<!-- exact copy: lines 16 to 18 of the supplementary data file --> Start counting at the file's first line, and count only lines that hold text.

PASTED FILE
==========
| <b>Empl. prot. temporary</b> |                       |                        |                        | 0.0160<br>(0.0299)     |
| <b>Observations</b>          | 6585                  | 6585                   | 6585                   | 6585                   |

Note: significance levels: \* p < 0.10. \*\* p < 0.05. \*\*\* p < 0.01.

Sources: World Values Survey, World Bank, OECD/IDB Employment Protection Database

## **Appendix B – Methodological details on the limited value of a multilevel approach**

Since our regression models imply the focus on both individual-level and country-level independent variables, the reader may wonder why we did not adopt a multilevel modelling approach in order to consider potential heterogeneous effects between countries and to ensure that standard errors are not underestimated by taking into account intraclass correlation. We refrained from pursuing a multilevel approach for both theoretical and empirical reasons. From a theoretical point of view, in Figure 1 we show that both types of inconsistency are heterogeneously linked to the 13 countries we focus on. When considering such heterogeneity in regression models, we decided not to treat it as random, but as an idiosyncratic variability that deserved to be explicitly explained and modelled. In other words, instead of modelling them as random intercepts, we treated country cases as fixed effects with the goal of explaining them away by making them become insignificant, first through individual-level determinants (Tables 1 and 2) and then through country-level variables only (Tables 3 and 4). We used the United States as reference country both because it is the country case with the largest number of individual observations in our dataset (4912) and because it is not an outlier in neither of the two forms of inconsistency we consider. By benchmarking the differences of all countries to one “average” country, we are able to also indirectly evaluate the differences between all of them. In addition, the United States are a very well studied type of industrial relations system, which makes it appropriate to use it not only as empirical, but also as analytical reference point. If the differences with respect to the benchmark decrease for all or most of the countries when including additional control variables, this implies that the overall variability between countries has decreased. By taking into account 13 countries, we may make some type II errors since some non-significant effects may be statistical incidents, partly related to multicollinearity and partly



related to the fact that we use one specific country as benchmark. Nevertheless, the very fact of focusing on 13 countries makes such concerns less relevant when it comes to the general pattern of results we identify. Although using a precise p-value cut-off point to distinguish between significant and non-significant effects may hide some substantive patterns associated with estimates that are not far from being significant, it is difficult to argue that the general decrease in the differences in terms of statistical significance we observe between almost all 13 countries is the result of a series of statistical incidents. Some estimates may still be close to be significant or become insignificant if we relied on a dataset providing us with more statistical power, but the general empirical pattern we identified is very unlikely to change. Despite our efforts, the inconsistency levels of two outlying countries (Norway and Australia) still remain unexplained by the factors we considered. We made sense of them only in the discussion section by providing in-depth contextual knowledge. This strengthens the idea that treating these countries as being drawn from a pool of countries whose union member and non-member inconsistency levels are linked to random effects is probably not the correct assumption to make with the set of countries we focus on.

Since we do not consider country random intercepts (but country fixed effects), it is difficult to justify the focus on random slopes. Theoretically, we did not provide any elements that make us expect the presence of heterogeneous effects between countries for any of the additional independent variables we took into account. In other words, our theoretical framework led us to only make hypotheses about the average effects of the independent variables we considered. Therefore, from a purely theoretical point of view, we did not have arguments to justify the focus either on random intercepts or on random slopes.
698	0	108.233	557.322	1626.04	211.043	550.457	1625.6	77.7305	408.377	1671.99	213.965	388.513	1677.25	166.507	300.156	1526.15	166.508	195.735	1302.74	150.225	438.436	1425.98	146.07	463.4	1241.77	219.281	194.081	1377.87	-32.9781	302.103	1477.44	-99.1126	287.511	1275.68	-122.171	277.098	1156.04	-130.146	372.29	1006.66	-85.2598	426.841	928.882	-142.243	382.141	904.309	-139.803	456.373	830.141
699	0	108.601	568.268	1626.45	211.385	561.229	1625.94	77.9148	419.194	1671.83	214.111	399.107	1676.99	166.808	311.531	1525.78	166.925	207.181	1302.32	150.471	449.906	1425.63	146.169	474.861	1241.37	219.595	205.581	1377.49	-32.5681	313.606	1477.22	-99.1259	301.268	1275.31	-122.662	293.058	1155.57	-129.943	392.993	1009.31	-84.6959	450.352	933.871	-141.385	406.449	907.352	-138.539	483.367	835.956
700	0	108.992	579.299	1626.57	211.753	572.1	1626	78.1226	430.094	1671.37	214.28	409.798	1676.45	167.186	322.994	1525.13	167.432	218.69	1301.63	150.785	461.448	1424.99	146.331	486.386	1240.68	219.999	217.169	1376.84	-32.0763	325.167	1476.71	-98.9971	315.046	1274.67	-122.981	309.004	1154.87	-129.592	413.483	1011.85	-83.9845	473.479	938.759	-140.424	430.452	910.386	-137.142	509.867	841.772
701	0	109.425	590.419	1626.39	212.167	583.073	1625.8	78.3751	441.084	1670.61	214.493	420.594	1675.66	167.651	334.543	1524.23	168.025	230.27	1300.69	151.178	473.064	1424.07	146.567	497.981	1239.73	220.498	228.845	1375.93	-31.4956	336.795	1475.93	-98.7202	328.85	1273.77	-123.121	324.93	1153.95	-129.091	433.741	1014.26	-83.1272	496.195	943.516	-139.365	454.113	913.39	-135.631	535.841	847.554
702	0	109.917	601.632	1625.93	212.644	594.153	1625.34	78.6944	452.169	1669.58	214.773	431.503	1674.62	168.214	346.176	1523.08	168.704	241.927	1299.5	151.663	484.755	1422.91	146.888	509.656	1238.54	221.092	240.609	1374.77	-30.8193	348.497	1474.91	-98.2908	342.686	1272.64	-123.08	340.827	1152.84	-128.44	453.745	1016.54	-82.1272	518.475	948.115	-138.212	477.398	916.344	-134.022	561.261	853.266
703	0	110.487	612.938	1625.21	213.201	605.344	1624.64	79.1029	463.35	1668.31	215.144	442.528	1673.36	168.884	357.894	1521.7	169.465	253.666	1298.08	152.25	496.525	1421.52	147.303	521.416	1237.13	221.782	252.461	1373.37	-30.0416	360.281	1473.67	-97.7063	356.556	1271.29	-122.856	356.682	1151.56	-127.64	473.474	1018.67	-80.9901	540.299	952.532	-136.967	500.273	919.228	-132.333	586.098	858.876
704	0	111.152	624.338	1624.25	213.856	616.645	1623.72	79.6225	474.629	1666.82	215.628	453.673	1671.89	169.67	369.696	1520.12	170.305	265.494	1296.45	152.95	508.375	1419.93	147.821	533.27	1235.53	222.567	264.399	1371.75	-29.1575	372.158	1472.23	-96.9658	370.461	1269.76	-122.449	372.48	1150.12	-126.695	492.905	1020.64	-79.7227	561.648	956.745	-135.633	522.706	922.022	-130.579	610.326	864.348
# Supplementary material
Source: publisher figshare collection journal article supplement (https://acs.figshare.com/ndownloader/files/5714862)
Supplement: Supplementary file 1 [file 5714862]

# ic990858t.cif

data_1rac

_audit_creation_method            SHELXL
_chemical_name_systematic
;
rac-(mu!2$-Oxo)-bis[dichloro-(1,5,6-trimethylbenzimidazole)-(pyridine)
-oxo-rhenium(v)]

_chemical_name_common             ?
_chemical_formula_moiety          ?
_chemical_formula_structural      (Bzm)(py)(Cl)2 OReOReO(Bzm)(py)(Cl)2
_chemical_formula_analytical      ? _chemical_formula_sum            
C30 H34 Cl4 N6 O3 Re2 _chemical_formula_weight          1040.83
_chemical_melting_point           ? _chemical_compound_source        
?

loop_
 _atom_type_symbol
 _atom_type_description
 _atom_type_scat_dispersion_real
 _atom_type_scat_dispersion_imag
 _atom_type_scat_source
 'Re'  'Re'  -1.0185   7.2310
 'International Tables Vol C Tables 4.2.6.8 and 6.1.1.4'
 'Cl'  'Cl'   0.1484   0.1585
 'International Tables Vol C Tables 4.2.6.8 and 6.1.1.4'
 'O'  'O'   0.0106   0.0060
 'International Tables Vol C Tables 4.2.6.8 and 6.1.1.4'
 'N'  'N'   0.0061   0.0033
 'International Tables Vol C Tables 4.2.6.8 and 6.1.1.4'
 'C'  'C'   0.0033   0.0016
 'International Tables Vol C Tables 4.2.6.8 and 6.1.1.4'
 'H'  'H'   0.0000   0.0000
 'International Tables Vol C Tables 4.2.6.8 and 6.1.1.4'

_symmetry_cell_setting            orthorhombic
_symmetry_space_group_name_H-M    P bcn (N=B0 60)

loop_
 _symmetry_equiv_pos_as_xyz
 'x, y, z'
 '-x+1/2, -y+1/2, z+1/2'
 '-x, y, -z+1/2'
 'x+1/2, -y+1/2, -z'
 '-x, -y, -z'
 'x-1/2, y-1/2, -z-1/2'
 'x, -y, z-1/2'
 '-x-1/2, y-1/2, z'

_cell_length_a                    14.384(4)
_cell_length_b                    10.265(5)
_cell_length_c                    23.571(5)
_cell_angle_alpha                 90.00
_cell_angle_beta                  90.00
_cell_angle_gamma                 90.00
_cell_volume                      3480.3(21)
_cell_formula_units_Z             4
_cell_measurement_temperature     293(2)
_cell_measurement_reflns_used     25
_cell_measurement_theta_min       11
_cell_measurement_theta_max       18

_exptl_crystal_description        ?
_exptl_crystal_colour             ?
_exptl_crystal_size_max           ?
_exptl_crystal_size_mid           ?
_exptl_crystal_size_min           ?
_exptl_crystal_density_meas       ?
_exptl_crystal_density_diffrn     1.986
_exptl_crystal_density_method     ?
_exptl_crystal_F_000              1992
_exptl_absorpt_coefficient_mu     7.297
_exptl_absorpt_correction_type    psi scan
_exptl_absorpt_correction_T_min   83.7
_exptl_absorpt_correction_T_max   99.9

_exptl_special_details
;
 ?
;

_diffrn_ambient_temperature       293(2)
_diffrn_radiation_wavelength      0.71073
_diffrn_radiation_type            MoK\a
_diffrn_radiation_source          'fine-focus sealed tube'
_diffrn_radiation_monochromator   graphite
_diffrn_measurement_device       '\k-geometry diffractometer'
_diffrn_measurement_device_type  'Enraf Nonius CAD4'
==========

# Supplementary material
Source: publisher figshare collection journal article supplement (https://acs.figshare.com/ndownloader/files/5714862)
Supplement: Supplementary file 1 [file 5714862]